"War is hell, Mr. Thornhill, even when it's a cold one." ~ The Professor, North By Northwest
Out of the aftermath of the Second World War came the Cold War between West and East, between NATO and the Warsaw Pact. The War Museum's next section starts to examine that with early causes and events, including the Berlin Airlift, which Canadians had a hand in.
The Korean War also rose out of this period, and the Canadian military sent troops, sailors and airmen off to the other side of the world as part of the effort against North Korea and their Chinese benefactors. Not all of them made it out of North America- this panel shows the aftermath of a collision of two trains in November 1950 near Canoe River, BC. Gunners of a regiment bound for Korea were on board, and seventeen of them were killed.
Ted Zuber had been too young for service in World War Two, but joined the Korean War as a soldier, enduring the harshness of the land and the ferocity of the opposition until wounded in combat. He had carried a sketchbook with him, and years later would start to paint his memories on canvas. The War Museum has several of his paintings from this war and Desert Storm in its collection. Zuber was commissioned by the military to create war art during that latter conflict, went to the Middle East with the troops, and is the only Canadian to receive medals for service in both the Korean and Persian Gulf Wars. A few days before Remembrance Day, the news came out that he had died after a bout of cancer.
This first one is a reproduction, as the original is presently out on loan, according to the accompanying display. Day Break- Gulf Of Korea depicts a Canadian destroyer off the North Korean shore, opening fire on enemy trains on the coastal railway. I chatted with an officer here about the cold look of the mountains. For whatever reason it's easy to not think of the Korean peninsula as cold and rugged, but that war proved otherwise. The Koreas can get brutally cold temperatures coming down from Siberia, and we talked about a novel we'd both read, The Frozen Hours, by Jeff Shaara, which tells the story of the Battle Of The Chosin Reservoir.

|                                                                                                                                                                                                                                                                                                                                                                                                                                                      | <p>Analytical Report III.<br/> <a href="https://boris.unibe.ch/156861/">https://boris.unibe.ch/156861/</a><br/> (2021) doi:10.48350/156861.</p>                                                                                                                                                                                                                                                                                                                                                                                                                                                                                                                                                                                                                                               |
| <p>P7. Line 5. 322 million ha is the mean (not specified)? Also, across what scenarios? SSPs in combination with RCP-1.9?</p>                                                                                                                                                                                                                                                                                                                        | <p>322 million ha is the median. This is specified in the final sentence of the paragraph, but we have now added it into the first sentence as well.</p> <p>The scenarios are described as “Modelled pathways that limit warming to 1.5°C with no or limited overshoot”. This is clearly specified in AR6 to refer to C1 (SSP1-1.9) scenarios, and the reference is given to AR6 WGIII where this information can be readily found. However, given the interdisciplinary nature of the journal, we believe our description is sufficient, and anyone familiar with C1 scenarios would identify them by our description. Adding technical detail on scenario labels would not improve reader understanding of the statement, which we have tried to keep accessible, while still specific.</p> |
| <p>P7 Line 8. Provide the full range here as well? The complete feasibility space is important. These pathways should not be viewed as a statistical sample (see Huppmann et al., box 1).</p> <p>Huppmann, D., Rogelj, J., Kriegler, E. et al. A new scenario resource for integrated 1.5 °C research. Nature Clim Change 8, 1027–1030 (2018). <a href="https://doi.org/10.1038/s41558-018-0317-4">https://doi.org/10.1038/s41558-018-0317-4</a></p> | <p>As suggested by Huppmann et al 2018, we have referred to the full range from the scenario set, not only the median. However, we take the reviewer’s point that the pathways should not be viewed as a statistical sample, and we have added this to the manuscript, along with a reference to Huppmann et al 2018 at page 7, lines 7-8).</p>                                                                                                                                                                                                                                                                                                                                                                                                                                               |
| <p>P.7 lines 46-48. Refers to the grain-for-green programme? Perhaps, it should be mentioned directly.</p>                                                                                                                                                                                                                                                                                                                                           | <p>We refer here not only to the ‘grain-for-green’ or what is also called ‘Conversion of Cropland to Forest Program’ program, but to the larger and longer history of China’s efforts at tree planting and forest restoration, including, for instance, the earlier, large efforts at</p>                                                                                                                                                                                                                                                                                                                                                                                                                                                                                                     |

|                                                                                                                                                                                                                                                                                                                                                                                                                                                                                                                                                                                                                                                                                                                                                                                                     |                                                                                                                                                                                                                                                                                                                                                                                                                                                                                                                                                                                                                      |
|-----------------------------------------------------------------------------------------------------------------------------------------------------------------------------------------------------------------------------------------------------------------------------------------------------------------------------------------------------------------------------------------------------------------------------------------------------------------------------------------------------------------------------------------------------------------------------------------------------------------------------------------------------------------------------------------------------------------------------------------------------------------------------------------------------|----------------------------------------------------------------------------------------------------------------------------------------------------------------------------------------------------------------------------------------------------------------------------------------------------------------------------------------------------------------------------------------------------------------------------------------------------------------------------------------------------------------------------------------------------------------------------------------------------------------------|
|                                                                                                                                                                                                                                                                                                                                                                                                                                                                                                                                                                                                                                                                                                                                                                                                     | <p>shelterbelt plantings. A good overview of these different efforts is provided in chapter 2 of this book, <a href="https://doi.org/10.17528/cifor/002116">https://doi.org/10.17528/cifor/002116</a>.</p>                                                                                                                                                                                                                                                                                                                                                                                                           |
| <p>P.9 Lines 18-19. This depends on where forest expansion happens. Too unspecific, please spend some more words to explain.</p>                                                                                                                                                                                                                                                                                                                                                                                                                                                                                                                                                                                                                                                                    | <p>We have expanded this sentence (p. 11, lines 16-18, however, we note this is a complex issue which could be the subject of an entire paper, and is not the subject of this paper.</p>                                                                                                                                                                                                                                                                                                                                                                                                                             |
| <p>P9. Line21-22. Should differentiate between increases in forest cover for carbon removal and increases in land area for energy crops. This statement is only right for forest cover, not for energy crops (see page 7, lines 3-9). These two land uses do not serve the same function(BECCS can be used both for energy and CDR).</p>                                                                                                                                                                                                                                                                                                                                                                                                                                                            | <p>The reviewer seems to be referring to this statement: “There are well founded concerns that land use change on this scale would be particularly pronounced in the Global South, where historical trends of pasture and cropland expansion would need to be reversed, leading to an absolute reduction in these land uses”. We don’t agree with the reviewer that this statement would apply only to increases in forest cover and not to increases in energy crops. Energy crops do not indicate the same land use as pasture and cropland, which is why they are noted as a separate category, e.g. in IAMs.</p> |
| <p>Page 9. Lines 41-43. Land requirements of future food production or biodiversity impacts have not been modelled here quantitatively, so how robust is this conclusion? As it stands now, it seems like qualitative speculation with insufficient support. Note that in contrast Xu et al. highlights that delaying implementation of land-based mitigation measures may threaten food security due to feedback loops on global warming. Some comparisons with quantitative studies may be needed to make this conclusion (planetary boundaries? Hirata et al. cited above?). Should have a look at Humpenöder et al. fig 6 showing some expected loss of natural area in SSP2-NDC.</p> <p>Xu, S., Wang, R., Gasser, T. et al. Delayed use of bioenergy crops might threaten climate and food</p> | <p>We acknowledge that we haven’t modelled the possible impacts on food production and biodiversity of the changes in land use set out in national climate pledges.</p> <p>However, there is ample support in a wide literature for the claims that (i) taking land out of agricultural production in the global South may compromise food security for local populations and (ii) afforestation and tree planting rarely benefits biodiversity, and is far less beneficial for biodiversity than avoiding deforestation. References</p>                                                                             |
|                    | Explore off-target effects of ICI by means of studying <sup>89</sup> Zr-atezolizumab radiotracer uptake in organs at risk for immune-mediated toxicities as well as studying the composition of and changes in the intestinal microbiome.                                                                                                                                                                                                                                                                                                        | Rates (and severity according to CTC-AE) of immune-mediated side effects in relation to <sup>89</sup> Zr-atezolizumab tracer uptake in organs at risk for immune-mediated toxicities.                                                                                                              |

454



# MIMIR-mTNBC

Other Zuber paintings are close by. First Kill- The Hook depicts a sniper and spotter position at the front.
Holding At Kap'yong is another, depicting Canadian soldiers on the high ground in the midst of battle. An accompanying quote from 1999 by Donald Hibbs, a corporal at the time and a survivor of the fight, accompanies the painting. "I believed that night that maybe we weren't gonna be here tomorrow. I believed that we had to go down fighting. You know the old gung-ho, but I wasn't gung-ho: I was praying that I could survive the day."
This panel featured a movie poster- I've heard of the movie but have never seen it. The panel beneath explains that it's based on the American Fred Demara, who posed as a Canadian medical officer during the Korean War using stolen documents.
A spot here in the Cold War section that I always liked to stop at is this set up of a command centre, circa the 1970s or so. On two large screens, different scenarios of World War Three play out.
Equipment and vehicles, such as this tank, can be found here, representing both NATO and Warsaw Pact armaments.
This is a full scale model of H.M.C.S. Bonaventure, a Canadian aircraft carrier that was in service with the navy from 1957-70.
This panel examines a tragedy involving a Canadian destroyer in 1969- an explosion and fire on board the H.M.C.S. Kootenay that cost the lives of nine sailors but was contained through the work of the crew.
While this panel looks at our complicated relationship with our southern neighbours.
NORAD has been a joint air defense partnership with the Americans that sprang up out of the Cold War. This is the crest.
And today I leave off with what was beneath the crest, something for a northern environment. This machine gun has been fitted with a toboggan mount for towing behind a snowmobile in Arctic conditions.